More than 90 Liberty University students, faculty and staff, including several international students, came together Tuesday night for a panel discussion titled “What’s the Difference?: African Edition.” The discussion, one of the final events planned for Black History Month at Liberty, provided students a unique opportunity to learn about Africa, the second largest continent in the world with more than 50 countries – each with its own language, culture and ethnic groups.
Dr. Yaw Adu-Gyamfi, Associate Professor of English and the founder and advisor to Liberty's Association of Association of Students of African Descent, participates in the discussion on African subcultures.
Liberty’s Center for Multicultural Enrichment (Center4ME) partnered with the Association of Students of African Descent club at Liberty to host the event. A panel of international students represented the African countries of Tanzania, Sierra Leone, Ghana and Liberia, sharing facts about the culture, geography and history of her home country.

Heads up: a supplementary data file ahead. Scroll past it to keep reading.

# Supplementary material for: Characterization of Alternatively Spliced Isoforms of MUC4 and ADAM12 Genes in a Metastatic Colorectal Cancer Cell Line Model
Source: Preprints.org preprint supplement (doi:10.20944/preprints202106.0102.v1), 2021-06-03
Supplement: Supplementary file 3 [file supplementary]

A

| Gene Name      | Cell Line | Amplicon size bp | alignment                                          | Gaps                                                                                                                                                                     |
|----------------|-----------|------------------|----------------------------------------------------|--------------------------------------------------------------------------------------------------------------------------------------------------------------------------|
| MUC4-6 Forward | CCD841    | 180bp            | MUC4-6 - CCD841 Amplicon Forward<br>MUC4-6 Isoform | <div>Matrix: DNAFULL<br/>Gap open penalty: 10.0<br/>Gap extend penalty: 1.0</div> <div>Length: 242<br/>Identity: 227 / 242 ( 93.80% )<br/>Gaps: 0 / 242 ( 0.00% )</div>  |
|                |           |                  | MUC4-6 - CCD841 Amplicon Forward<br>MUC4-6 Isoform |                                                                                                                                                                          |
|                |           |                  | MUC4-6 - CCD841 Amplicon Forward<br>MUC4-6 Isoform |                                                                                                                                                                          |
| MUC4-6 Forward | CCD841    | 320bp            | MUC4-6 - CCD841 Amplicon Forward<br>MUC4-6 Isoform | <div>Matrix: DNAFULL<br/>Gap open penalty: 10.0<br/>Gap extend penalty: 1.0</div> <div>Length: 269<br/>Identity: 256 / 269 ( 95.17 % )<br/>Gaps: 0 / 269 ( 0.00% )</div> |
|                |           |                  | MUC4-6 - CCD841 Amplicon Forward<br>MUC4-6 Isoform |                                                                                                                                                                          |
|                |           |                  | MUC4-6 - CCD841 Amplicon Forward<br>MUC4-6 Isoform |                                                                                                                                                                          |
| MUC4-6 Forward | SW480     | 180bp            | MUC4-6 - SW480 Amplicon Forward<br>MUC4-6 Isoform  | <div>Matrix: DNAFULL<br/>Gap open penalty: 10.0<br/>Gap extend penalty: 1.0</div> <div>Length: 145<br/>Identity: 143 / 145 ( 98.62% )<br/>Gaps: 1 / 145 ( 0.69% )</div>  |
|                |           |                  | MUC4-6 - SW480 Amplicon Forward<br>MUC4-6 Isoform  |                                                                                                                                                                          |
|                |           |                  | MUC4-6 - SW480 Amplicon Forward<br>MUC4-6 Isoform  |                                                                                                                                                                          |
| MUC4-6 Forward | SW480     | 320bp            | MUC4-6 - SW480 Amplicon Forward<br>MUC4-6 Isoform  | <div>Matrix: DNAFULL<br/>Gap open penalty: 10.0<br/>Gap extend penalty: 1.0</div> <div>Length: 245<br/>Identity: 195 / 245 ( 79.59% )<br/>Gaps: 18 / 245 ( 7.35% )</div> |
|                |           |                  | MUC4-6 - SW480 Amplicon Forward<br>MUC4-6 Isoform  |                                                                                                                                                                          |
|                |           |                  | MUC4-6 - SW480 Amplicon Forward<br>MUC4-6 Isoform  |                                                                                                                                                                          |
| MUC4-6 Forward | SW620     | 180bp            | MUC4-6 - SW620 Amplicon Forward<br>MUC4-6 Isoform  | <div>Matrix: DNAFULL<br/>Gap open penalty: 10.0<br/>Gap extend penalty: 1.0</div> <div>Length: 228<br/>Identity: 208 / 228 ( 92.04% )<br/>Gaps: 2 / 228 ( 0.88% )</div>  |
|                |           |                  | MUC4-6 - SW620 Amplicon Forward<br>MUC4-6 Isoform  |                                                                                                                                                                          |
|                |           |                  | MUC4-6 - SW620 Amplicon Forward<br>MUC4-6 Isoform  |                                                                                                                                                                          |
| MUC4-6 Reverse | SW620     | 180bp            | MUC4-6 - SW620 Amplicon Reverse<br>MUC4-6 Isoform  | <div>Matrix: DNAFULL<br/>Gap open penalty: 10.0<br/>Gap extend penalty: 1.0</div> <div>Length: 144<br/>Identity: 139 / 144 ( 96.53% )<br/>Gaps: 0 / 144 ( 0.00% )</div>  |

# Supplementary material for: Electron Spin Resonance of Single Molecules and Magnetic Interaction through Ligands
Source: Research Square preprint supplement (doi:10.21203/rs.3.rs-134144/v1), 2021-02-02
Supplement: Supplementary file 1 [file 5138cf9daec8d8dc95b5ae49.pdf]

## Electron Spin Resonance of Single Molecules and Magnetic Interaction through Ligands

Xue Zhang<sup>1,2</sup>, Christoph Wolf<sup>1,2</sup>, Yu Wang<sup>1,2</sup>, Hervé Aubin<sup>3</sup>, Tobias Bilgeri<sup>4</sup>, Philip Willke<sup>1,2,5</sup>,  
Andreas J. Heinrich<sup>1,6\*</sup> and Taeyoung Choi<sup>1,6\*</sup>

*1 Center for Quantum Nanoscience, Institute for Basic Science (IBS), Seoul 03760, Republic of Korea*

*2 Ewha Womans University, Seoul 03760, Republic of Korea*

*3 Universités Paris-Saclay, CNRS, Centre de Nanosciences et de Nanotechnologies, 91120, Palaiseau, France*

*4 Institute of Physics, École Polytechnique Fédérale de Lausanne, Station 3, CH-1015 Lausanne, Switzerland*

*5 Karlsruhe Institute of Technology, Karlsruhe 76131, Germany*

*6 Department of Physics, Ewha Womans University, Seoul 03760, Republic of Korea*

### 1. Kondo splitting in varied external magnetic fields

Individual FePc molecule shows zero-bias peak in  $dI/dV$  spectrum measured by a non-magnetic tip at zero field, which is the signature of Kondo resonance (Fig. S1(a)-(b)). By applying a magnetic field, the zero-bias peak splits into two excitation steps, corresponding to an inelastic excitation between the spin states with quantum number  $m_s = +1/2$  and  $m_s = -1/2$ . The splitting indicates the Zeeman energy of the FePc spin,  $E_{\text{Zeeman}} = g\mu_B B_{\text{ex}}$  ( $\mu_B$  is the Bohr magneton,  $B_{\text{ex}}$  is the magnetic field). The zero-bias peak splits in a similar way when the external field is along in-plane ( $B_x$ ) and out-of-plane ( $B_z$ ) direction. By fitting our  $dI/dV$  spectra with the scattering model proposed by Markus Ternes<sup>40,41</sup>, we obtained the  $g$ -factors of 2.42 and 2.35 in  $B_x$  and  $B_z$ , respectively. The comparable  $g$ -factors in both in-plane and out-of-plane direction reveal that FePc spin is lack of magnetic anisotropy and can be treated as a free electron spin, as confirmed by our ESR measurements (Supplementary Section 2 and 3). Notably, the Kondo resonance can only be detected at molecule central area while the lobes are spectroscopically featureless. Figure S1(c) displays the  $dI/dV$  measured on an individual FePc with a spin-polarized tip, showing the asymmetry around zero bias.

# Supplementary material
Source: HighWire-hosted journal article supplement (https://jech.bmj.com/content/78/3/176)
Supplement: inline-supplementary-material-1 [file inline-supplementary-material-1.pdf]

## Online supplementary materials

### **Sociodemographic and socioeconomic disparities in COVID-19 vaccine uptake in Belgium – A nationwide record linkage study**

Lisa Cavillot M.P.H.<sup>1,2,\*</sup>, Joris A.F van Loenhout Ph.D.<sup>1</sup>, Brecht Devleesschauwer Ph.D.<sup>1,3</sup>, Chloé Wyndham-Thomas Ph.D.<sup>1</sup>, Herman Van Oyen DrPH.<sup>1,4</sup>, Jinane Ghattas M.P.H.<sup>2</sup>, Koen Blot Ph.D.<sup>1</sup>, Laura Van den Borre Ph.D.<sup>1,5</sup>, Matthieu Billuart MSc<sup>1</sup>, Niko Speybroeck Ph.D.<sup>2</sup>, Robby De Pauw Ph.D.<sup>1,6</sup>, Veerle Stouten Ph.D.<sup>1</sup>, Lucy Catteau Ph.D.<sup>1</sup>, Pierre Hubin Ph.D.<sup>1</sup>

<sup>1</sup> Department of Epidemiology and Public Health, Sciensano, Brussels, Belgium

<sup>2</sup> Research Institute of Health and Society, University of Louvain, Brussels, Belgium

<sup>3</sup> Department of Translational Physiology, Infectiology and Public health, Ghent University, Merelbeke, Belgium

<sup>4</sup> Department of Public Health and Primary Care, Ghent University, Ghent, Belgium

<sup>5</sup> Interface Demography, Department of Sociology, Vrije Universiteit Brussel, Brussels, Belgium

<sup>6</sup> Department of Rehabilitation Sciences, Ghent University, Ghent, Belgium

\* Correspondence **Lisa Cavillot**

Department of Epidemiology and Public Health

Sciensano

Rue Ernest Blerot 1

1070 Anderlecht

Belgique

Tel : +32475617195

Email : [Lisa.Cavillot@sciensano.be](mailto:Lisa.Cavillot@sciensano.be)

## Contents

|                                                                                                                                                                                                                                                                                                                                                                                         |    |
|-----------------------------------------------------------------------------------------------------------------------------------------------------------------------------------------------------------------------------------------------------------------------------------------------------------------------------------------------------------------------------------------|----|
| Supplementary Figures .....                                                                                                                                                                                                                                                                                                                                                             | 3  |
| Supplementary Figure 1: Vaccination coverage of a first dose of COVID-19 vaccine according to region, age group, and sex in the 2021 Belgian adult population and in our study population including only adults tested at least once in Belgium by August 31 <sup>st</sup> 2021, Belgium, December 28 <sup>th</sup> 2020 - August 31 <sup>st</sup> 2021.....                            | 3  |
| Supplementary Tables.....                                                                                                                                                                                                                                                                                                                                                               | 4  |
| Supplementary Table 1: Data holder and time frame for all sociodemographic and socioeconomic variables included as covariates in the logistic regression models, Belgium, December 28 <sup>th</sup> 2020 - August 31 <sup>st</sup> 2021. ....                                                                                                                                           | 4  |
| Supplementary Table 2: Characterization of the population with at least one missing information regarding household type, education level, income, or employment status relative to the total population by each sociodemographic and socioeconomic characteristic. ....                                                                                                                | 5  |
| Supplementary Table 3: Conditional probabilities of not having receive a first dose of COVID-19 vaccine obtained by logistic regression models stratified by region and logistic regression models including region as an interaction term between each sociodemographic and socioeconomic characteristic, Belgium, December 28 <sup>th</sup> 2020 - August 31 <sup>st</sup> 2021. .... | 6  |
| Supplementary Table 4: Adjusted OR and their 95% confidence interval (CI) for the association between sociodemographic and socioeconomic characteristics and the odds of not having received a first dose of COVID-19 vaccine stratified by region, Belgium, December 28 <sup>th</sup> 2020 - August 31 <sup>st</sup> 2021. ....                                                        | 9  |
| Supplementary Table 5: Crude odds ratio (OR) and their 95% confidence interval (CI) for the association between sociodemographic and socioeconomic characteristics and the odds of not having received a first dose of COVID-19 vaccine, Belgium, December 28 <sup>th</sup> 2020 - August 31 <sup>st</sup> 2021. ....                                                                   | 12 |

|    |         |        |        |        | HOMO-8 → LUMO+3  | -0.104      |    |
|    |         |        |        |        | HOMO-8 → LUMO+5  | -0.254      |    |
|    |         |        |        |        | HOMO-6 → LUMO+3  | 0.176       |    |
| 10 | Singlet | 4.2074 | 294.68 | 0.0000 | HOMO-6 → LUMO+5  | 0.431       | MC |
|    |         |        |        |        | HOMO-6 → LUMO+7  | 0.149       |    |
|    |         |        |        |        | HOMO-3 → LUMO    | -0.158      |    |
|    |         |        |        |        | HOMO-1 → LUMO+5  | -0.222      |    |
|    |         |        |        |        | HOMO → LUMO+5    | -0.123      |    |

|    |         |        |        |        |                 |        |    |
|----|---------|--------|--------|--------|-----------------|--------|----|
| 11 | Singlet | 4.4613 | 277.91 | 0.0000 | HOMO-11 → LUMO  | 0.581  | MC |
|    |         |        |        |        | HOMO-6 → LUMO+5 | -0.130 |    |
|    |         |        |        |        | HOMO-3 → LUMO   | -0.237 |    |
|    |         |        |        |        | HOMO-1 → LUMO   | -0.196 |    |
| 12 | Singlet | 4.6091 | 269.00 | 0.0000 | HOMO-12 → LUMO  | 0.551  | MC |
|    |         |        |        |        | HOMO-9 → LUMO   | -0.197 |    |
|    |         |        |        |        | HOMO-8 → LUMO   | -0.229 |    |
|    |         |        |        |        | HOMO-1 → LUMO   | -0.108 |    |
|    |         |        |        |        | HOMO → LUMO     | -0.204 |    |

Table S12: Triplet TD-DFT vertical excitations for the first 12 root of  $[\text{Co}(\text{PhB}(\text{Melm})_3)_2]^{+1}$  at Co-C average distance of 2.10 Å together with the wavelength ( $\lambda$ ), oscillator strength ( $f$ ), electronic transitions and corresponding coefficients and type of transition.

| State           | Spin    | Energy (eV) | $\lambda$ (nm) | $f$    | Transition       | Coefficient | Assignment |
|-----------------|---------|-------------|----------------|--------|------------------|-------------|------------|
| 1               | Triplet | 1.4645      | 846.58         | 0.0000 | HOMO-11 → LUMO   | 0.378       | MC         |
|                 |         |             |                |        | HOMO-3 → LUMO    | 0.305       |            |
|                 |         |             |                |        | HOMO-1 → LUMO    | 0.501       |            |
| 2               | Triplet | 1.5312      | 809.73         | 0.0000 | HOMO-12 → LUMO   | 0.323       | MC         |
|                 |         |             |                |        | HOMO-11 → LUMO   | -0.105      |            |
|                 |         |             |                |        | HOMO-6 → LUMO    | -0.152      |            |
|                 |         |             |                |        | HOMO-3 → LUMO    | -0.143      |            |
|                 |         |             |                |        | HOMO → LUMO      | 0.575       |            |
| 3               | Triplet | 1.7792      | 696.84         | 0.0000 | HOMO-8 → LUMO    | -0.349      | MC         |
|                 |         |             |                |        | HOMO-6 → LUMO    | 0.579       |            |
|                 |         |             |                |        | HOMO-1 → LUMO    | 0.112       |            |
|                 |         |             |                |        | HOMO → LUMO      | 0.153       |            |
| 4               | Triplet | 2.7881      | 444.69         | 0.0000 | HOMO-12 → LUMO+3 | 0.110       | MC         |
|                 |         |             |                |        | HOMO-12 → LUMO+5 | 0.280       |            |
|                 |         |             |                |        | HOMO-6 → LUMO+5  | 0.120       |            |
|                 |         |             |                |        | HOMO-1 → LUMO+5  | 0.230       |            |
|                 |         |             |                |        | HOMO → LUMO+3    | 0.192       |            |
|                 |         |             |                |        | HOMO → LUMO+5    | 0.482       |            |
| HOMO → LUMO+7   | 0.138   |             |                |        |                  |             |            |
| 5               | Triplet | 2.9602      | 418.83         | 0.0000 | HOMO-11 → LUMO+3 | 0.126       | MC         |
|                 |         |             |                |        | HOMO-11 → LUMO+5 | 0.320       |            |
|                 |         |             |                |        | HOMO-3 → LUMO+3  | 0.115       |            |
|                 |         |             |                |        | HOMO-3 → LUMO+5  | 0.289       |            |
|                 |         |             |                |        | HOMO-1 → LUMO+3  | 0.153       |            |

“I think students became aware of more of the positive characteristics of the continent of Africa,” said event coordinator Daveta Saunders, associate director of the Center4ME. She noted that one student told her the discussion broadened her understanding of Africa because when she thought of the country, she only thought of AIDS and poverty, based on what she had seen in the media and heard from missionaries.
The Center4ME hosts a variety of events to celebrate Black History Month on campus, including dialogues with featured speakers, group discussions, Black Student Initiative meetings, an “open mic” session, cinema nights, a Harlem Renaissance-themed event and a special worship service
“It is important for Liberty University to honor Black History Month, not only because it is a national celebration, but more importantly because, simply put, it is American history,” said Center4ME director Melany Pearl.
While the Harlem Renaissance event drew the largest crowd, a lecture on the life of the Rev. John Jasper, one of Virginia’s most celebrated African American preachers, drew the most diversified crowd, Pearl said, with professors, residential and online students, and Lynchburg residents ranging in age from 17 to the 70s.
“Black History Month was a success in that we provided opportunities for learning and development that happened outside of the classroom,” said Pearl. “As a student affairs co-curricular department, I am pleased that hundreds of students participated throughout the month.”
Click here for a complete calendar of Black History Month events at Liberty University.